A wood fern grows on the property of Nick Carter, a retired Maryland biologist, in Greensboro, Md., on May 13, 2014. For roughly 50 years, Carter has owned 33 acres of land featuring forest and wetlands on Maryland’s Eastern Shore. (Photo by Steve Droter/Chesapeake Bay Program)

Pteridophytes: Classification of Pteridophyta

The term Pteridophyta was first coined by Haeckel. Eichler (1883) divided the plant kingdom into Cryptogamia and Phanerogamia. The Cryptogamia was further divided into Thallophyta. Bryophyta and Pteridophyta. Engler (1909) included the Bryophyta and Pteridophyta under Embryophyta.

Due to discovery of the fossil plants, the classification of Pteridophytes has undergone vast changes in the recent past. Older taxonomists divided the vascular plants into two divisions—Pteridophyta (primitive vascular plants with the absence of seeds) and Spermatophyta (presence of seeds).

However, this distinction became invalid due to the discovery of seed-bearing fossil plants (Cycadofilicales). Sinnott (1935), therefore, introduced a new term Tracheophyta for a division that possesses sporophytes with well-developed vascular tissue.

According to recommendations of I.C.B.N. (1952), the name of the division should end in the suffix- ‘phyta’, of a sub-division in- ‘phytina’ and class in – ‘opsida’.

On this basis Wardlaw (1955) divided the Pteridophytes into four divisions:

Source here.

On the basis of their anatomy Jeffrey in 1902 divided the vascular plants into two types or ‘stocks’. He included ferns, gymnosperms, and angiosperms in a ‘stock’ known as Pteropsida, and lycopods and horsetails in another ‘stock’ known as Lycopsida. Jeffrey however could not give the names of divisions or sub-divisions to these stocks.

Scott in 1923 ranked them as divisions. He segregated the horsetails as a separate division, the Sphenopsida.

According to Eames (1936), Tippo (1942), and others there is a single division, the Trachaeophyta consisting of four subdivisions-1. Psilopsida, 2. Lycopsida, 3. Sphenopsida and 4. Pteropsida.

In 1952, the International Code of Botanical Nomenclature amended and recommended that all names of divisions end in the suffix ‘phyta’ and that of  classes end in the suffix ‘opsida’.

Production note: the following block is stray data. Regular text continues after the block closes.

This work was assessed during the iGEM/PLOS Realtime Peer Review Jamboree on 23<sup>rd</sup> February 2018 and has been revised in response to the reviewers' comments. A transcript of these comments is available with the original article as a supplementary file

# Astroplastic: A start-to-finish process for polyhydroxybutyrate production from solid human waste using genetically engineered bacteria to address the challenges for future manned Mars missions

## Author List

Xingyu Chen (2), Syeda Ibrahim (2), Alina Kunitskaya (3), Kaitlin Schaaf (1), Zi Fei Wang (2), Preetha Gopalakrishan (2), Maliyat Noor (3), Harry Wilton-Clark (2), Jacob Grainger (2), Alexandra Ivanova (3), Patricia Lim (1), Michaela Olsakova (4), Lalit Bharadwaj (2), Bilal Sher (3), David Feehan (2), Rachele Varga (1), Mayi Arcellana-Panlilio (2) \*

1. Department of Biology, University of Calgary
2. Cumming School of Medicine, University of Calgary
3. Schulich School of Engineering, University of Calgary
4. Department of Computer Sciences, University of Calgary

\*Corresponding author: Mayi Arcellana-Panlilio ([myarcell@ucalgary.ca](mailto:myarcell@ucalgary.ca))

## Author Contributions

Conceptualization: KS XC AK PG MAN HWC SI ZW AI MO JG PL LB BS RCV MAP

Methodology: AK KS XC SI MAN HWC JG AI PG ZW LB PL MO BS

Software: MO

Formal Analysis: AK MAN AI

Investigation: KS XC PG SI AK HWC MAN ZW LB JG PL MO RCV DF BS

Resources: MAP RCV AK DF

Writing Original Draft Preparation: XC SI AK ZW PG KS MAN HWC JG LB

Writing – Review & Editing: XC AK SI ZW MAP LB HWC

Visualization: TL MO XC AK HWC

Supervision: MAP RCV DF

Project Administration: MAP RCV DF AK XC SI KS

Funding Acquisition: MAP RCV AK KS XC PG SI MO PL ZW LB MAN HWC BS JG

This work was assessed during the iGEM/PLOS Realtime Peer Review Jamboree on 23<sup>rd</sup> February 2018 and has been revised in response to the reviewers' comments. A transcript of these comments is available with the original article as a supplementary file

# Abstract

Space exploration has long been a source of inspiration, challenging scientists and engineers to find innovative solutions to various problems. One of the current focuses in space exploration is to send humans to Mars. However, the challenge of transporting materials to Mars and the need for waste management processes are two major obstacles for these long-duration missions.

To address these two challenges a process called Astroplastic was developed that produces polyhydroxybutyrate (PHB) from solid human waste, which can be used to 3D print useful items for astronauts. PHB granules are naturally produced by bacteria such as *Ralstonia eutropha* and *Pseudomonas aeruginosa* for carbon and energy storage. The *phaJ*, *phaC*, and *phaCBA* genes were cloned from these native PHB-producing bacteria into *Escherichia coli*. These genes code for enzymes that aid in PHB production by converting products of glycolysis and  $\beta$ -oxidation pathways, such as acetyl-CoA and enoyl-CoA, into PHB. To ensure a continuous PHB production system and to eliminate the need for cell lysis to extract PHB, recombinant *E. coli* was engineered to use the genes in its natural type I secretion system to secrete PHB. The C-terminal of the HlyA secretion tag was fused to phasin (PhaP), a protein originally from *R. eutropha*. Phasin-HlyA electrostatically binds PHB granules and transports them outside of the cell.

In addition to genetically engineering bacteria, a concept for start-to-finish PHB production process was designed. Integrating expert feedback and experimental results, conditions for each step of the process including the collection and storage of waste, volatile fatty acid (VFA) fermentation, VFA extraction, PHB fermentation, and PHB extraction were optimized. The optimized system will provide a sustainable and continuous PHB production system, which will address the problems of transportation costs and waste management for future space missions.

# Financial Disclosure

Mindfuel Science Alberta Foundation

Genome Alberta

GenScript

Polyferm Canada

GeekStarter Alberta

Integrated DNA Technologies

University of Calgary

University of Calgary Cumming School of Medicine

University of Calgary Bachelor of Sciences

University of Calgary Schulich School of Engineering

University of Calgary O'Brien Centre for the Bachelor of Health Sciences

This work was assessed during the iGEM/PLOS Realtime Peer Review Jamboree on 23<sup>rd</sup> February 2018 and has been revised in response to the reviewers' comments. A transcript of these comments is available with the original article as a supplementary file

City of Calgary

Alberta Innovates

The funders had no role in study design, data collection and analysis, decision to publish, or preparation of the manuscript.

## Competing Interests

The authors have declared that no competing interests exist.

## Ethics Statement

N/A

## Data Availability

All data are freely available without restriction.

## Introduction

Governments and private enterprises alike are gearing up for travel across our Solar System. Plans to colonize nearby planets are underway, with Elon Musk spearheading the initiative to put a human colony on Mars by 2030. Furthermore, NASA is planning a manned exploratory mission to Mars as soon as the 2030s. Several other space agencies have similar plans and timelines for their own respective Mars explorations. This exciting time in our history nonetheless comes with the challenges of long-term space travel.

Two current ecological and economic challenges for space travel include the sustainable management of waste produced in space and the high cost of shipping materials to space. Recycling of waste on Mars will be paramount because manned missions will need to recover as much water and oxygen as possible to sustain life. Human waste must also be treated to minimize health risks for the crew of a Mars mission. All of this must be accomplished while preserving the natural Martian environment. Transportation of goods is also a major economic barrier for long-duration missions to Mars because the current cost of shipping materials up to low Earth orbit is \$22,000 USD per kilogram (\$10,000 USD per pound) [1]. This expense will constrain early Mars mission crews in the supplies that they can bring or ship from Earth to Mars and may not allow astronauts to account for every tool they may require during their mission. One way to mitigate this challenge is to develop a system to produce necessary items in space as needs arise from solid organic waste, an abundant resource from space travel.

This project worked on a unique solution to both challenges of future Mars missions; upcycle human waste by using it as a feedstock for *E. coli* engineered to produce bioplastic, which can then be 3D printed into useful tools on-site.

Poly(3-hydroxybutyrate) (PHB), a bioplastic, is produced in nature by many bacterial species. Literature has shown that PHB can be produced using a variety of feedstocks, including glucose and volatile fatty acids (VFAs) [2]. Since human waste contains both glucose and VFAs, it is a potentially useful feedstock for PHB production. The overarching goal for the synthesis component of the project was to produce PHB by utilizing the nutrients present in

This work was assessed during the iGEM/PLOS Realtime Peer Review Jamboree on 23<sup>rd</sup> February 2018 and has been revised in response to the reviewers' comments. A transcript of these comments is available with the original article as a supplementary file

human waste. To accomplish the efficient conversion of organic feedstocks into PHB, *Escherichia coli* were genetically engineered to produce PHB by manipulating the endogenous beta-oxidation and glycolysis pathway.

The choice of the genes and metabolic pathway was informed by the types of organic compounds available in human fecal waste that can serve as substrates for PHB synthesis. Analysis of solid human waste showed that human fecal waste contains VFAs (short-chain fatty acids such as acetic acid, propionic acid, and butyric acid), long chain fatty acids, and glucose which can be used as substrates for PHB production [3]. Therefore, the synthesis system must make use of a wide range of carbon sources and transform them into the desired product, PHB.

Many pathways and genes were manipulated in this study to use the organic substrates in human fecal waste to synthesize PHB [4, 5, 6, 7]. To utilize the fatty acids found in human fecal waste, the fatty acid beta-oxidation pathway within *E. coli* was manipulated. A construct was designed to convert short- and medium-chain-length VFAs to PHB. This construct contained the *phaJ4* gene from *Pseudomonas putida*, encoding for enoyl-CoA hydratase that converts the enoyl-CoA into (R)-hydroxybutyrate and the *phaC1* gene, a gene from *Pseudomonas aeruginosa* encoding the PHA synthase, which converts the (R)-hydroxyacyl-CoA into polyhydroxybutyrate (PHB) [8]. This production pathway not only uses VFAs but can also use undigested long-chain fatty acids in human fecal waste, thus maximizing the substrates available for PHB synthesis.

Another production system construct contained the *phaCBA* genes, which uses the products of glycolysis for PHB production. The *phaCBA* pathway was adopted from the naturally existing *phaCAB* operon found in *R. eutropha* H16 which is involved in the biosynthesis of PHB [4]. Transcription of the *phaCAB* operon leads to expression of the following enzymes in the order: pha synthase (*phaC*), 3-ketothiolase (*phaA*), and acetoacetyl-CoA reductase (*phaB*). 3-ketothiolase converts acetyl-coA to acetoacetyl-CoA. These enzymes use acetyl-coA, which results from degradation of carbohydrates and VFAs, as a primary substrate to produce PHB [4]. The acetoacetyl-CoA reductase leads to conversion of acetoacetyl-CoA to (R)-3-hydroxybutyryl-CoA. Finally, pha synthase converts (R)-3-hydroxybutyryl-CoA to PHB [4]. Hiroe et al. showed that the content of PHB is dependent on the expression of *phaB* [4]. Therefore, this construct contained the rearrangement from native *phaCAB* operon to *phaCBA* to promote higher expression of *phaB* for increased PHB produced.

According to Smith (1955), the classification of the pteridophytes is as follows:

Division I Psilophyta

Division II Lepidophyta

Division III Calamophyta

Division IV Pterophyta

In the so-called modern system of classification by Fuller and Tippo (1954), pteridophytes are included in the phylum Tracheophyta which is divided into four sub-phylum.

  1. Psilopsida
  2. Lycopsida
  3. Sphenopsida
  4. Pteropsida; includes 3 classes: Gymnospermae, Angiospermae, and Filicinae (fern).

The pteridophytes in the older systems are therefore restricted up to the subphylum Psiolpsida, Lycopsida, Sphenopsida, and a class Filicinae of the subphylum Pteropsida in the modern classification.

Most accepted type of classification of Pteridophyta by Smith (1955), Bold (1957), and Zimmerman (1959)-

Division Class order
1. Psilophyta

(Whisk ferns)

a. Psilotopsida i. Psilophytales*
b. Psilopsida i. Psilotales.
2. Lycophyta

(Club moss or Spike moss)


a. Eligulopsida i. Lycopodiales
b. Ligulopsida i. Selaginellales

ii. Lepidodendronales*

iii. Isoetales

iv. Pleuromeales

3. Sphenophyta or  Calamophyta (Horsetail)


a. Sphenophyllopsida i. Sphenophyllales
b. Calamopsida i. Calamitales*

ii. Hyeniales*

iii. Equisetales

4. Pterophyta

(Ferns  or Filicophyta)


a. Primofilicopsida i. Cladoxyales*

ii. Coenopteridales*


b. Eusporangiopsida i. Ophioglossales

ii. Marattiales

c.Protoleptosporangiopsida i. Osmundales
d. Leptosporangiopsida i. Filicales

ii. Marsileales

iii. Salvineales

* fossil, non-living representative

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Revised by
  1. Md. Siddiq Hasan on 11 September 2020
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